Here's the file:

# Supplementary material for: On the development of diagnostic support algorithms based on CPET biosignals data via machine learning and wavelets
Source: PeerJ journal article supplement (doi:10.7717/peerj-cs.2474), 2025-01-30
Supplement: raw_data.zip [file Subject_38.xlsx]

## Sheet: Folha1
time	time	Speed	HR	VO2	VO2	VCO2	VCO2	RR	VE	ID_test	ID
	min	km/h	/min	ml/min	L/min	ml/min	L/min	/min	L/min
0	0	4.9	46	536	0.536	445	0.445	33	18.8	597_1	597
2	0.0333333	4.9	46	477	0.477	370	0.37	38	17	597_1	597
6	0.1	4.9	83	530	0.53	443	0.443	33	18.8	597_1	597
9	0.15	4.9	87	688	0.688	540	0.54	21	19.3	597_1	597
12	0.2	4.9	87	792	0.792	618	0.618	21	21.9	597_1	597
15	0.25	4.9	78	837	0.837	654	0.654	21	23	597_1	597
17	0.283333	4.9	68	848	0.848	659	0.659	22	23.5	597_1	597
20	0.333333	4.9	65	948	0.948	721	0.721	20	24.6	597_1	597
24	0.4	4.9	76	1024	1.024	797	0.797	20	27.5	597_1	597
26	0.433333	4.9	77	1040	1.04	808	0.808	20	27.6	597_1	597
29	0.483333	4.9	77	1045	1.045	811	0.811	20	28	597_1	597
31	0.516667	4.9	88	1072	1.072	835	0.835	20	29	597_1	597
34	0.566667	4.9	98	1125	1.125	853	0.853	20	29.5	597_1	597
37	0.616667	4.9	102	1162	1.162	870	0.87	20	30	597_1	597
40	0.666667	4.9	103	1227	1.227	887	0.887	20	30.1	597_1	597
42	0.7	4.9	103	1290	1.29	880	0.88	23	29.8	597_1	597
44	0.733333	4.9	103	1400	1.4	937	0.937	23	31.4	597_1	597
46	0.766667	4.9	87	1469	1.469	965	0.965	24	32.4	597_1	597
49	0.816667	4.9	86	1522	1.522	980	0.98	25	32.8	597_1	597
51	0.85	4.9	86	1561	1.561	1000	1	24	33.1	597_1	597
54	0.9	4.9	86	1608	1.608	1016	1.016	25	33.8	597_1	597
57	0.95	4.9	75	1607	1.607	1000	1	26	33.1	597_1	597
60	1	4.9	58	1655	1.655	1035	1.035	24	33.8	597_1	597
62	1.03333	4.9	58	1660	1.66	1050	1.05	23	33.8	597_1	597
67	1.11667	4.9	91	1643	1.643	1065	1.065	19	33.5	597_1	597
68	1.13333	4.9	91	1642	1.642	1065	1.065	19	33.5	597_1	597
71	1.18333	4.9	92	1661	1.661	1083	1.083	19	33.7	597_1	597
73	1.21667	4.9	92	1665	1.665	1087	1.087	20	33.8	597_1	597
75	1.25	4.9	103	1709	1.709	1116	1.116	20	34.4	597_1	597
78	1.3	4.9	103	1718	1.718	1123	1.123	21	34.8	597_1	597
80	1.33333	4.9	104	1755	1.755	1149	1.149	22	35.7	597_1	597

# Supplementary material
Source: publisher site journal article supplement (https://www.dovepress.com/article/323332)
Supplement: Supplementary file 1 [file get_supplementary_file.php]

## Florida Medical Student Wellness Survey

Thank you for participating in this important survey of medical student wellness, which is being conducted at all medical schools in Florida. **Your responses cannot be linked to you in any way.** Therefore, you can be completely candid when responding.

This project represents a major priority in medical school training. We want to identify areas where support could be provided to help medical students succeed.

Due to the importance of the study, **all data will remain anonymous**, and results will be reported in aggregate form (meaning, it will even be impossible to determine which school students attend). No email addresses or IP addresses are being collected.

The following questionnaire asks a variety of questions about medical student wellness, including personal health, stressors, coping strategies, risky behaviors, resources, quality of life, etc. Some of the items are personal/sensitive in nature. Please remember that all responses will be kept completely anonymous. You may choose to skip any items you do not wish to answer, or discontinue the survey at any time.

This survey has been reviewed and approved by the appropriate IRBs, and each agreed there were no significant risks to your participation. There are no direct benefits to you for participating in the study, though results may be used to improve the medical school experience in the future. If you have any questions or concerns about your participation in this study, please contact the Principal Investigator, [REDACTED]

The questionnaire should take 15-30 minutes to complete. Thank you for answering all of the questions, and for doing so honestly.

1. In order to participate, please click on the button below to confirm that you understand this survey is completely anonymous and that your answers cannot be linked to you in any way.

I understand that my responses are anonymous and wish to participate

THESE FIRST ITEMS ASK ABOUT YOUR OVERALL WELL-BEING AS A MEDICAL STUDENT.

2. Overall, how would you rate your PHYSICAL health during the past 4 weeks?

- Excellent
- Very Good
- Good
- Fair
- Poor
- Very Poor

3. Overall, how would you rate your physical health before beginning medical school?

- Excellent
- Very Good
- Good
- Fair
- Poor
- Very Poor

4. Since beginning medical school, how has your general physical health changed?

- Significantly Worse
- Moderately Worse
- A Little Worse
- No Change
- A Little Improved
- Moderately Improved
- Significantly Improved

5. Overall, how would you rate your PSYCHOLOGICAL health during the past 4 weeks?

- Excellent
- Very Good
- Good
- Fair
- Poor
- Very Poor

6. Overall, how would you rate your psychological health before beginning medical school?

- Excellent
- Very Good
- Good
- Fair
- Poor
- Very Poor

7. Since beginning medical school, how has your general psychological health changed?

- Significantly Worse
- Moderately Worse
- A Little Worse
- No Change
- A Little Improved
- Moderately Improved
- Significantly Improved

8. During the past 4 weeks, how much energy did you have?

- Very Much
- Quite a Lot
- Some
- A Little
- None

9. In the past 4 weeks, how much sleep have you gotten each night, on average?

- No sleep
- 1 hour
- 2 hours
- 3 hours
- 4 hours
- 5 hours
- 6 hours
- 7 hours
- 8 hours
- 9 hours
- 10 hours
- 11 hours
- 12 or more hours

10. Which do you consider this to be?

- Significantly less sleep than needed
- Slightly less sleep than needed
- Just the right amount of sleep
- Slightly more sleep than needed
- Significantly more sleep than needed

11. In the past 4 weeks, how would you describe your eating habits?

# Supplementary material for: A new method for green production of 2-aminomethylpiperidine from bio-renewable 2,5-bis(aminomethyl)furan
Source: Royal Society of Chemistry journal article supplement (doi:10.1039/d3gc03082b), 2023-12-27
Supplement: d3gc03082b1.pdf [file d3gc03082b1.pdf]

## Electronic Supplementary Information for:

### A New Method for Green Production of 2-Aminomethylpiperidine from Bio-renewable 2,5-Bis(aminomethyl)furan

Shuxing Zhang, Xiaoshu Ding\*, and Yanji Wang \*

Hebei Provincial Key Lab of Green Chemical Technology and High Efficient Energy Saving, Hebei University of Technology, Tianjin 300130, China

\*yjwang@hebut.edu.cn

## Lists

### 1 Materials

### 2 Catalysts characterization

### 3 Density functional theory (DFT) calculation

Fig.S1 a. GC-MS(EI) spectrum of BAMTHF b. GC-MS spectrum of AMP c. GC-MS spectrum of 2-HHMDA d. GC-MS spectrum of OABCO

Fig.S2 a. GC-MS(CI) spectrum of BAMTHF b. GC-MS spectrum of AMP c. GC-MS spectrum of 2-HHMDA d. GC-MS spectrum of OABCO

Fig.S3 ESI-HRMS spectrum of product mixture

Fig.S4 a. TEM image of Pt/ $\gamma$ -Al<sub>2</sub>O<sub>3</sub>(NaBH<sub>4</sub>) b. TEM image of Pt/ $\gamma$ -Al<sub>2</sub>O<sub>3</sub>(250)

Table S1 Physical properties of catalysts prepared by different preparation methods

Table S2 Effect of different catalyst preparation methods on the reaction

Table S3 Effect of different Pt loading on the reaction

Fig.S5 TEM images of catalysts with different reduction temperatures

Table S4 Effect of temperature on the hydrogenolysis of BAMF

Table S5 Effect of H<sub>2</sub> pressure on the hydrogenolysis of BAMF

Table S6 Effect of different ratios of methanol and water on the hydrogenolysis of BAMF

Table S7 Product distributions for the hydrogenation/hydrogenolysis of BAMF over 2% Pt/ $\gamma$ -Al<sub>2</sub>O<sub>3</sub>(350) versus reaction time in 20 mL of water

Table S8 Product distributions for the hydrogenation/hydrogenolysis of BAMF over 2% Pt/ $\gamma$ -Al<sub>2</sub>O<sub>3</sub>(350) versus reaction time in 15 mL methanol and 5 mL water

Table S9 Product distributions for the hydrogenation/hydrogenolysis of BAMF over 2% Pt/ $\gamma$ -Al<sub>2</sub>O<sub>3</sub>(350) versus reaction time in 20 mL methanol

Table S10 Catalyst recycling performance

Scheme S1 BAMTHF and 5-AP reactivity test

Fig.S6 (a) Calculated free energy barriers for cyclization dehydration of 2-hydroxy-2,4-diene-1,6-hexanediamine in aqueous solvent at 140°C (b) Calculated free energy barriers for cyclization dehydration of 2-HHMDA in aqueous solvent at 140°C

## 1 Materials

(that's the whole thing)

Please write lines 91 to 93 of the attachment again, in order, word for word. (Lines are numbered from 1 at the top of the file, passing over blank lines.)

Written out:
- No Change
- A Little Improved
- Moderately Improved